Starbook - A Magical Tale of Love and Regeneration

PUBLISHED : Sunday, 02 September, 2007, 12:00am
UPDATED : Sunday, 02 September, 2007, 12:00am

Starbook - A Magical Tale of Love and Regeneration

by Ben Okri

Rider, HK$187

'History is replete with monstrosities that shouldn't have happened. But they did. And we are what we are because they did,' writes Ben Okri in the opening pages of his ninth novel, a dreamlike narrative built around the ravages wrought by slavery on Africa. 'In the presence of great things glimpsed in the book of life one can only be silent and humble. The ultimate meaning of history is beyond the mortal mind. All one can say is that this happened. Make of it what you will.'

Okri, 48, continues his fascination with African legend, most effectively harnessed in his 1991 Booker Prize-winning The Famished Road, with Starbook - A Magical Tale of Love and Regeneration, purportedly a story told to him by his reluctant mother about 'a girl by the river in Africa' and her encounter with a prince 'who went searching for God'.

As the title suggests, this is a love story, but it's also about the origins of inspiration, the portentous power of dreams and the cost of memory, and about slavery that robbed Africa of generations of young men and women and irrevocably changed its future. 'To remember,' the reader is told, 'is the worst form of suffering.'

Okri's magic is that Starbook, his first novel in five years, operates on a number of levels, transgressing time and place, imagination and reality, as he weaves his compelling, insightful and deeply disturbing story about the nature of humanity.

At one point he asks: 'When people sense their own extinction, what do they do?'

Some could see in their dreams the white spirits and what they were doing and 'spoke of chains of iron; they spoke of instruments that spat out fire and death; they spoke of long lines of young men and women of the land being flogged and gagged; ... they spoke of trails of blood that ended at the sea.'

Okri introduces early 'a great wooden sculpture of three men and a woman bound together by chains at the ankles, in positions of intolerable lamentation and humiliation, and yet rendered with stoic dignity, as if gods had been made the slaves of fools'.

'The sculpture seemed to speak of a great world calamity, a tragedy of vast proportions, so vast, in fact, that it threatened the world. It seemed the world would never be the same again because of the tragedy and intolerable sorrow and noble suffering that the work breathed out in its broken proportions and the agonised shapes that broke the heart and yet still spoke of divine revolution beyond human understanding.'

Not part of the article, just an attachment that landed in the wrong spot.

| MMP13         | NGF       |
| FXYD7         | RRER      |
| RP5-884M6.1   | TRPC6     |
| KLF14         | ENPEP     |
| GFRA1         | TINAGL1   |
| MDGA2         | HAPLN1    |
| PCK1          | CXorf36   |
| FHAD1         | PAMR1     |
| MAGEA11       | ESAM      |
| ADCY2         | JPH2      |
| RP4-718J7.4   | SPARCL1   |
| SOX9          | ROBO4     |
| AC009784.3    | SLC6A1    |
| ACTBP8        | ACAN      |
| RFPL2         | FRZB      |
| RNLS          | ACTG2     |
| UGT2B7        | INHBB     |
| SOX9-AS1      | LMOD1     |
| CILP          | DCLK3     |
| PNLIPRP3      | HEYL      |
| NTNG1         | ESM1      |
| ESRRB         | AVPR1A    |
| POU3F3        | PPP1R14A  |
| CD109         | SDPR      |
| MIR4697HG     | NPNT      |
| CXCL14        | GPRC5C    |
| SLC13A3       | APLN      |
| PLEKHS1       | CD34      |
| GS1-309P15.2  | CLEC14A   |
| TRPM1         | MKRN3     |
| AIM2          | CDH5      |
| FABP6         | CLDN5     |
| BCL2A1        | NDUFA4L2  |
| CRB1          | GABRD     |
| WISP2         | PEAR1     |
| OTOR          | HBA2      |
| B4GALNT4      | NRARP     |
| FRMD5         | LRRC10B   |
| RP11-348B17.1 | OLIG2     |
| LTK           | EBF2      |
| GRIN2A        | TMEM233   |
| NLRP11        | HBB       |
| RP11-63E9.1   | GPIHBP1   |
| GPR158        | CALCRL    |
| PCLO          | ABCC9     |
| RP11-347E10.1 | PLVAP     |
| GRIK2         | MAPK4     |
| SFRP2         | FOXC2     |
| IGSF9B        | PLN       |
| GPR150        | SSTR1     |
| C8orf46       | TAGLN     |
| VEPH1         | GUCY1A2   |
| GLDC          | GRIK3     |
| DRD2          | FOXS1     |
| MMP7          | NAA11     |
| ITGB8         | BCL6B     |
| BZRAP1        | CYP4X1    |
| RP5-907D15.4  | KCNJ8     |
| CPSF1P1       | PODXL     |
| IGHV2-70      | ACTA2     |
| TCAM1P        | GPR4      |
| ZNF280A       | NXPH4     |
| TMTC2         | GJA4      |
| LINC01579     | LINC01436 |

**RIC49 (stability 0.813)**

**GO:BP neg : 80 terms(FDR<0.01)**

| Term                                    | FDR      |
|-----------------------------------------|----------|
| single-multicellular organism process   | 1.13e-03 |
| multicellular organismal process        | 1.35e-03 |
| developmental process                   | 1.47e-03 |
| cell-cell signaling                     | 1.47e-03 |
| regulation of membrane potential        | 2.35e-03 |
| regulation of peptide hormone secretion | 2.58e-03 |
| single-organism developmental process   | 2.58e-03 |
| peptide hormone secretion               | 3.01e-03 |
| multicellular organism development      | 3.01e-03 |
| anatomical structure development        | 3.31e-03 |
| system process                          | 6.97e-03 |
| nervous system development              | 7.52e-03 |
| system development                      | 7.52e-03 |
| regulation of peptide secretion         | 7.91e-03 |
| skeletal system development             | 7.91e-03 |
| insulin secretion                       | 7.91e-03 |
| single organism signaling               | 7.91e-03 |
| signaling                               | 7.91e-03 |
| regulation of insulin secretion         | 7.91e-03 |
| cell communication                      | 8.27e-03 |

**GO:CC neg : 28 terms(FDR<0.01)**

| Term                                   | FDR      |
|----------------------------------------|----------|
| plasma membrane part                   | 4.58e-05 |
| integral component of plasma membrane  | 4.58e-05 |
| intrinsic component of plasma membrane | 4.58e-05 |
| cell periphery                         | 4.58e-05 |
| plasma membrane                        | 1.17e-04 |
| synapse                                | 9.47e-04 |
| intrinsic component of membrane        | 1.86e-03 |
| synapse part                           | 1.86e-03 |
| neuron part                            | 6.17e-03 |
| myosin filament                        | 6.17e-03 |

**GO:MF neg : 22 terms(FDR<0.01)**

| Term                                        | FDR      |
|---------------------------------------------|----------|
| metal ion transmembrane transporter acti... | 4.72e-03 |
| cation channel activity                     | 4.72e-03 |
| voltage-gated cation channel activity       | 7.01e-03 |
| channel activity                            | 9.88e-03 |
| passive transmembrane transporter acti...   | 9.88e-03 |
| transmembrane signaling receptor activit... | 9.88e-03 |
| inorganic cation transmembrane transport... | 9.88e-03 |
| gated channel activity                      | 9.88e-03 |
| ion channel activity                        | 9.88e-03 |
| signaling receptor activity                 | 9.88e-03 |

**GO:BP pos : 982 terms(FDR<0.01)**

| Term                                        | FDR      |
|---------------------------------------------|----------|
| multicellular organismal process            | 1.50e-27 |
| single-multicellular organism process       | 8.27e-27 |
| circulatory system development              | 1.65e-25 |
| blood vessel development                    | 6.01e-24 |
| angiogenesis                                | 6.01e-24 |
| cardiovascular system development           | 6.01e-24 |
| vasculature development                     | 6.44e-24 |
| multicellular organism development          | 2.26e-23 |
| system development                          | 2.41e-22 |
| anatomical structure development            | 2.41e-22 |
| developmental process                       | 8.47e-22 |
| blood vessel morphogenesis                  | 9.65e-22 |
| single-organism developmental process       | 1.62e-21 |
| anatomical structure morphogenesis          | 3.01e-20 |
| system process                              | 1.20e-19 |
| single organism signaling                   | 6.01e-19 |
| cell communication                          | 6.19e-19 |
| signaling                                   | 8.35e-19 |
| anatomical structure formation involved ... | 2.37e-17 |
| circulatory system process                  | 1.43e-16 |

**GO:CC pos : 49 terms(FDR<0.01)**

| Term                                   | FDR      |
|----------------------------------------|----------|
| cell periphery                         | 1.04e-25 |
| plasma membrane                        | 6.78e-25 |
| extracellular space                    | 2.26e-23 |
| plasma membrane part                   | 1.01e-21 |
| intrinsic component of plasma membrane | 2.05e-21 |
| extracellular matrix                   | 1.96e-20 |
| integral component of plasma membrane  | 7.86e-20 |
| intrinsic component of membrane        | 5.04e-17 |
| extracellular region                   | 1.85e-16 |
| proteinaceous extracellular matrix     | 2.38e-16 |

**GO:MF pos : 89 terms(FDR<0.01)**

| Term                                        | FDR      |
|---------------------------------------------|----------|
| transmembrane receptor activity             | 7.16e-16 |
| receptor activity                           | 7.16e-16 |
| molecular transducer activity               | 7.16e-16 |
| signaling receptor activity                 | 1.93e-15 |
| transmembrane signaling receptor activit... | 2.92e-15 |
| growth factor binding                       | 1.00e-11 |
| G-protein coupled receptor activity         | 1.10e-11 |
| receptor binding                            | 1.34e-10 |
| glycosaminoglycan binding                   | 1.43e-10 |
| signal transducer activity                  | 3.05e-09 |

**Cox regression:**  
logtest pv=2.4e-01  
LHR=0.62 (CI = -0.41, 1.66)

Starbook isn't an easy read, at least initially, requiring some adjustment to Okri's poetic prose, which when given full rein emerges as word-perfect sentences of a hundred words and more. This isn't a book for those with short attention spans. Nor is it one for the weak-hearted.

Okri recounts the maiden's dream of being in a ship 'in its bowels, in chains, lying upside-down, or sideways, facing the feet of another, who was also chained. Blood on the chains was like rust ... Wailing sounded everywhere in the crushed space, and women were dying, calling out the obscure

names of their ancestors in languages no one understands. And death and doom was thick in the dream as she floated and saw hundreds of bodies like writhing ebony sculptures bleeding and drowning in the white waves.'

And the prince knows from his dreams: 'He had survived the monstrous crossing of the sea of evil, where slaves lay chained ankle to ankle, wrist to wrist, in the coffin of the hold, in the ship, on waves of an empire's dream of power. He had arrived in a new land that was rich with blood and guilt and hope. He had survived the lash. He had survived the degradation. He had survived being less than a man, or a dog, or an insect, or a beast. He had survived the loss of his love, his kingdom, his home, his earth.'

Yet Okri isn't without humour. 'Children do not always live up to the possibilities we see in them,' the maiden's mother explains to her daughter. 'Often they let their parents down and grow up to become quite ordinary, quite like the others.'

And throughout are his observational gems about humanity. 'We never change. From youth to adulthood, from frivolity to seriousness, under the impact of significant experiences we only become what we really are, for good or ill. That is why when people say they have changed it does not, as they think, mean that they have necessarily changed for the better.'

Okri has made use of Starbook to explore some big ideas, such as when the Prince realises happiness and joy are the result of past and future suffering, 'a sublime compensation for enduring the unendurable'.

He further writes: 'Man enchained and gagged with metal and enslaved ought to be the symbol and icon of a new religion: one that reveals how man's life was sacrificed for the wealth of others. And the building of civilisations.'